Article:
Mitten – May/June 2012
When Mitten initially came to see us we ended up taking some blood tests and diagnosed an overactive thyroid gland. Hyperthyroidism in cats is usually caused by a benign growth on one or other of the thyroid glands in the throat, The tumour produces excess thyroid hormone which increases the metabolic rate. The heart has to go much faster in order to supply the body with enough oxygen to meet the demand and the cat usually loses weight as a consequence of burning energy faster than they can eat it! Eventually they can die from heart failure as, like any muscle, the heart enlarges when it is going too fast and then can’t work properly as a pump.
We can treat hyperthyroidism with medication (a drug called felimazole), surgery or radiation therapy. Mitten was started on tablets but very soon came back to see us quite poorly. At first we thought it was something to do with her tablets but then discovered that she had severe pain at the front of her tummy and thought we could feel a lump. When we ultrasound scanned her tummy we found she had a tumour invading, but confined to one of her liver lobes.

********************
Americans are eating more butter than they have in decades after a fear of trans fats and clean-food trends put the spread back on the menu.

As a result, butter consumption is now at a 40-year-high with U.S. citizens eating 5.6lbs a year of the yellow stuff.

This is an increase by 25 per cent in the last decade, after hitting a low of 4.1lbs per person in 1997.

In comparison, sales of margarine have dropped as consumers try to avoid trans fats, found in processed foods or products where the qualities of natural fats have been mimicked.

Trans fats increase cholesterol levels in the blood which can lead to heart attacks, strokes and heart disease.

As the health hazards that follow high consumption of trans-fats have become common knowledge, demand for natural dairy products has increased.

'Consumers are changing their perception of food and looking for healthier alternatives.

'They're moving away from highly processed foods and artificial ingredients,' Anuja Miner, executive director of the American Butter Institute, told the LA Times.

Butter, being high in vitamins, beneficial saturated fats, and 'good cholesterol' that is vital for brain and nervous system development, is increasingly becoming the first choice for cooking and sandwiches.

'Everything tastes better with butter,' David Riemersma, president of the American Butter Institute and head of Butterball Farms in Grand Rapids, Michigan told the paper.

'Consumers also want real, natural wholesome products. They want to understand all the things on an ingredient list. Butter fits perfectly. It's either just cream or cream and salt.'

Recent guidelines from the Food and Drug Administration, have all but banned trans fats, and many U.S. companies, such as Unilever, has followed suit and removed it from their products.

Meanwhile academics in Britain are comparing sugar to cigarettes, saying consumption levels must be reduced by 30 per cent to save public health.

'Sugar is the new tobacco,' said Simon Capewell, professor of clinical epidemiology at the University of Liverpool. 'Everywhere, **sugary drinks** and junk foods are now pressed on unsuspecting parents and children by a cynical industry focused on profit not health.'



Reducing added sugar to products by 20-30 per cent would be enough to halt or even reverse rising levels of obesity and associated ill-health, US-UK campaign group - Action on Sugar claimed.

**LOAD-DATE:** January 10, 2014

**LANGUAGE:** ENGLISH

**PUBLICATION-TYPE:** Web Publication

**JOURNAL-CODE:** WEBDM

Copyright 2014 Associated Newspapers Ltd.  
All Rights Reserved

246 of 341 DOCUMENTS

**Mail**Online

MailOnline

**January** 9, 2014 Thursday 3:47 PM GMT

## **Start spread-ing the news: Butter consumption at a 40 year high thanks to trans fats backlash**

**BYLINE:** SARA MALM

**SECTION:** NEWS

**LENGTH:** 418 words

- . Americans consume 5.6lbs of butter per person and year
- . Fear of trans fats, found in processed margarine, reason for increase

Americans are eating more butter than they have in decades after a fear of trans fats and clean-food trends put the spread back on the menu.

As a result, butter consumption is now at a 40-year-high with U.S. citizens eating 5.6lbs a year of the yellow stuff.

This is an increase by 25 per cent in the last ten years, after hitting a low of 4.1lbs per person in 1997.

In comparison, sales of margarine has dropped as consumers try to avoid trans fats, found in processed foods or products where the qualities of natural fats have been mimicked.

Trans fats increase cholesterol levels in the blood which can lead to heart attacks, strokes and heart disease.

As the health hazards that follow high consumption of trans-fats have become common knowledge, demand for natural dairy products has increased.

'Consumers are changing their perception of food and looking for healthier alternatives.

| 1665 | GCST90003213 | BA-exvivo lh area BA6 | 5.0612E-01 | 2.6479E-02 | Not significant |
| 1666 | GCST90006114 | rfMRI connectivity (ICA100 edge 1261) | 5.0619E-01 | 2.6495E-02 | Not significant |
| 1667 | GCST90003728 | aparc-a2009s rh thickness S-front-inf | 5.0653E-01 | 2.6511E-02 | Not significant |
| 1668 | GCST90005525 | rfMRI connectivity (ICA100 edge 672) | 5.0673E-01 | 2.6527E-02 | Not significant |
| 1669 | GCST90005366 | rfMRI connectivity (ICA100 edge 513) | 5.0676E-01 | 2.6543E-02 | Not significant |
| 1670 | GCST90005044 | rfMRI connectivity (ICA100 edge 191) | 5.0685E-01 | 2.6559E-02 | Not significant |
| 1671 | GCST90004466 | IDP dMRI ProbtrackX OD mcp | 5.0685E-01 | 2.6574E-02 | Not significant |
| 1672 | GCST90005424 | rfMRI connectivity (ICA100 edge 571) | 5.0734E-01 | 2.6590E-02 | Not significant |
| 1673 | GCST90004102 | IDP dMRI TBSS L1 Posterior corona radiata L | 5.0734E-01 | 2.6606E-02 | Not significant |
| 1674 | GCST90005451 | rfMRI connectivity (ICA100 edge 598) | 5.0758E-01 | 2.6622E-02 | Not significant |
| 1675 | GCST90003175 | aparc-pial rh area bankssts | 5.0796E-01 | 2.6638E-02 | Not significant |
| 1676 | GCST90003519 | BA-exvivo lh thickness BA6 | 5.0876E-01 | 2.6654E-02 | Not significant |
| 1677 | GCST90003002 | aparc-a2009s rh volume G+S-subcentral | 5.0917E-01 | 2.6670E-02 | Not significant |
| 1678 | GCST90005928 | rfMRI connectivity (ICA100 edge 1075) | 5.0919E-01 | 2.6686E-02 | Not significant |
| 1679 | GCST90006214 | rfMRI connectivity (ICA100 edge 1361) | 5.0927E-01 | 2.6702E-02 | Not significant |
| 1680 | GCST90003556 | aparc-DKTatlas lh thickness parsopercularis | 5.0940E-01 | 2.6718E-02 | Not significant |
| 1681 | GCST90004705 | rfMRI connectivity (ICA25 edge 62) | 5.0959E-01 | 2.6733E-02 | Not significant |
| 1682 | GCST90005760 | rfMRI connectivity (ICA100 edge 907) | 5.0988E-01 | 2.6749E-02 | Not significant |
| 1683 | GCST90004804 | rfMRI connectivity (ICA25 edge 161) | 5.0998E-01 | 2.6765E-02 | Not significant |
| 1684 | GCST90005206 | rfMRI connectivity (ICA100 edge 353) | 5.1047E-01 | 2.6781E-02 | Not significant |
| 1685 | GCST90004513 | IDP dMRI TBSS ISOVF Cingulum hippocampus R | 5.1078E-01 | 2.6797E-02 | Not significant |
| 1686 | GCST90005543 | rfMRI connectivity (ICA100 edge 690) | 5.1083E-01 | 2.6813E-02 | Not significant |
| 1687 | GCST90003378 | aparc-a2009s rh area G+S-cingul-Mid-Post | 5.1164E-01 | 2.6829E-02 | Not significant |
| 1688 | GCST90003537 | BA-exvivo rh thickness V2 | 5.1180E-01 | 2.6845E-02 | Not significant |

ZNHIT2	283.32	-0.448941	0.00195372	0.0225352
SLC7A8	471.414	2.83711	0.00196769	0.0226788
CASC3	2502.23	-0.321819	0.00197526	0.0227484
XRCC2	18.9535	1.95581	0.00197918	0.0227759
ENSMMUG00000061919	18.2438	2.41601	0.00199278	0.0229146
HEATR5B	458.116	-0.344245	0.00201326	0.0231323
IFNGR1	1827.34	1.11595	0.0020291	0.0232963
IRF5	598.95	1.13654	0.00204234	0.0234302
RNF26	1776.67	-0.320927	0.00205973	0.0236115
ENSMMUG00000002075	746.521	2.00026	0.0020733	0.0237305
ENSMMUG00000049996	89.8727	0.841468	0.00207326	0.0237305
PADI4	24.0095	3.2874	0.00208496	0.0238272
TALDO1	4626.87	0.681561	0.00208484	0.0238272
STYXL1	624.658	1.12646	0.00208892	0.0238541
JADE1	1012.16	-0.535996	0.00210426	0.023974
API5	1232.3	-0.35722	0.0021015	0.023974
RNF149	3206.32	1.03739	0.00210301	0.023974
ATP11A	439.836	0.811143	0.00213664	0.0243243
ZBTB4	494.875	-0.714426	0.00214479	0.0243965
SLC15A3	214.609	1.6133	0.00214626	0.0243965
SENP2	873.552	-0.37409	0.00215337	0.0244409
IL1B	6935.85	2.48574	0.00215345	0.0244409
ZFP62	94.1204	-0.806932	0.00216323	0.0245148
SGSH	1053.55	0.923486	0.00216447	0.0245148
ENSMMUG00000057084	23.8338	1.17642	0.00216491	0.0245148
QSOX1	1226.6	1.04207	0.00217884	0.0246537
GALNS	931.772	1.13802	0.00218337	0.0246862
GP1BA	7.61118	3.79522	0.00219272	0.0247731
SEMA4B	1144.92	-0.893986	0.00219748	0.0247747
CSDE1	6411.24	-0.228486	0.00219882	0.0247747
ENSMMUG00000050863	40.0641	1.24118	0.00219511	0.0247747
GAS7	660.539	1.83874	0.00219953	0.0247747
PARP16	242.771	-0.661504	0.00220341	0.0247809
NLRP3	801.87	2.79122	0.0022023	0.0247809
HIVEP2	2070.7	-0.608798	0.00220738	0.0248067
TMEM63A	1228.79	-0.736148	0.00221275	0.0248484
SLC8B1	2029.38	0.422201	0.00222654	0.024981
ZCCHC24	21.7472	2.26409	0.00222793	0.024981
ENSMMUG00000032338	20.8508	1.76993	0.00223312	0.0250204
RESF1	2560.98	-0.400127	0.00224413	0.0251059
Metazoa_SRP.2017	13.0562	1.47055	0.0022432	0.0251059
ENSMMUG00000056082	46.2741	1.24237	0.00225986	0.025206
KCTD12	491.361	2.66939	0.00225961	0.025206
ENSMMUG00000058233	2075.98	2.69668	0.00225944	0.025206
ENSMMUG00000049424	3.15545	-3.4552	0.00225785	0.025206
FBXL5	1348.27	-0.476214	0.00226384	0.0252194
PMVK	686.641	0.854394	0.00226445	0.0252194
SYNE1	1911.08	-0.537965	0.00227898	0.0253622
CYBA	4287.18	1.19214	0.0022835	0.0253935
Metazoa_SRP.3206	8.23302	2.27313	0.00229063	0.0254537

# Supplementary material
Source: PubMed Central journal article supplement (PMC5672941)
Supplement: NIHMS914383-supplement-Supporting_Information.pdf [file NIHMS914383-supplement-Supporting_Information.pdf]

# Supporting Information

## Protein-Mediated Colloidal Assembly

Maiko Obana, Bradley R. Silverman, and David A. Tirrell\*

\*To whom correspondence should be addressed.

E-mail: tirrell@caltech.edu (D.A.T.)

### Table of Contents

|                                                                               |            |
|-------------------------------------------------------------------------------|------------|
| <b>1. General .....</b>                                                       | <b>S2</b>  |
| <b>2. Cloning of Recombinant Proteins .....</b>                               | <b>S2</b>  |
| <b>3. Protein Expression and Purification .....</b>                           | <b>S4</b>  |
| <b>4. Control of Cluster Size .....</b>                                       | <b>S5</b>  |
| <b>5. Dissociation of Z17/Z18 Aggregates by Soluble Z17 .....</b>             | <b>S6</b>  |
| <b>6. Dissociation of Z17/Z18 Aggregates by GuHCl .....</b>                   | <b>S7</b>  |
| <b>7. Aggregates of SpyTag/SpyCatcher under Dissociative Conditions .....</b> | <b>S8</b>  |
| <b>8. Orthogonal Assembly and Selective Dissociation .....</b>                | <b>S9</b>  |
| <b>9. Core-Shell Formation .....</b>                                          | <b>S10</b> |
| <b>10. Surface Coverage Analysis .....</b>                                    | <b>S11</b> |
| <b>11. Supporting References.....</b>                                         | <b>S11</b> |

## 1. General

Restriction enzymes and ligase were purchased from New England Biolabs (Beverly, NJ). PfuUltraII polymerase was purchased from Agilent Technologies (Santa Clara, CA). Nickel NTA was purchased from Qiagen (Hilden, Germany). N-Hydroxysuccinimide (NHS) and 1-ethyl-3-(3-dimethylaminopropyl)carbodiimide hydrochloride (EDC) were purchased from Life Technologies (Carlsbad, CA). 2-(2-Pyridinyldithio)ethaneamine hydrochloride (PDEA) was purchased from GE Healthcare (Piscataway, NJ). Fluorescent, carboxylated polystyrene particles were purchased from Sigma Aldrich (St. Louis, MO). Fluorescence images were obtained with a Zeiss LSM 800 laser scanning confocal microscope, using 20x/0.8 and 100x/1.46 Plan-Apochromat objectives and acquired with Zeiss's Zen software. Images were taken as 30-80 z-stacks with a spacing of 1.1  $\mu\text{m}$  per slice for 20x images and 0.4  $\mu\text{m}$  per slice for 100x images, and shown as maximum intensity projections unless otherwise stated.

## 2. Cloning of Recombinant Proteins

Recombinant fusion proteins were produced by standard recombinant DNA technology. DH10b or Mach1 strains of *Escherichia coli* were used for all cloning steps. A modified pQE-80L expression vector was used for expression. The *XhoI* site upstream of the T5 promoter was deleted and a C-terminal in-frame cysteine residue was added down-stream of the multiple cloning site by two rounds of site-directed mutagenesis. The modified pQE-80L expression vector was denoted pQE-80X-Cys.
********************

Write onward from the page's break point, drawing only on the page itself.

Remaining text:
We sent Mitten home with painkillers whilst her owners considered various options for further investigation and treatment. In the end they bravely elected to have surgical exploration.
A few days later Mitten came in for an exploratory laparotomy. The photograph below shows the extent of the tumour invading her liver. At the edges near the surgeon’s left thumb and right forefinger you can just see a small area of more normal liver.
We operated on the liver and removed the whole lobe of the liver where the tumour was growing. Mitten came round uneventfully and was soon home with her owners. Fortunately cats only need a relatively small percentage of normal liver to survive so the fact that we removed a liver lobe didn’t affect her, especially given that the rest of her liver looked normal and healthy.
Mitten is pretty much back to leading a normal life now and her hyperthyroidism is starting to stabilise with medical treatment.
We sent the tumour from the liver away to a pathologist who said that it was benign, we have removed all of it and it should never come back or bother Mitten again.
She will still need monitoring at intervals to make sure we are treating the thyroid problem effectively, but she should leave a normal life for a very long time to come.
It is so lovely for the Vet, the Patient and the Owners when we manage to cure a patient. That is one of the reasons why we wanted to share this story with you. Mitten is probably oblivious to all that has gone on, and in many ways that is good. But at least we all understand it now and can be grateful that we had the skill and knowledge to cure and treat her.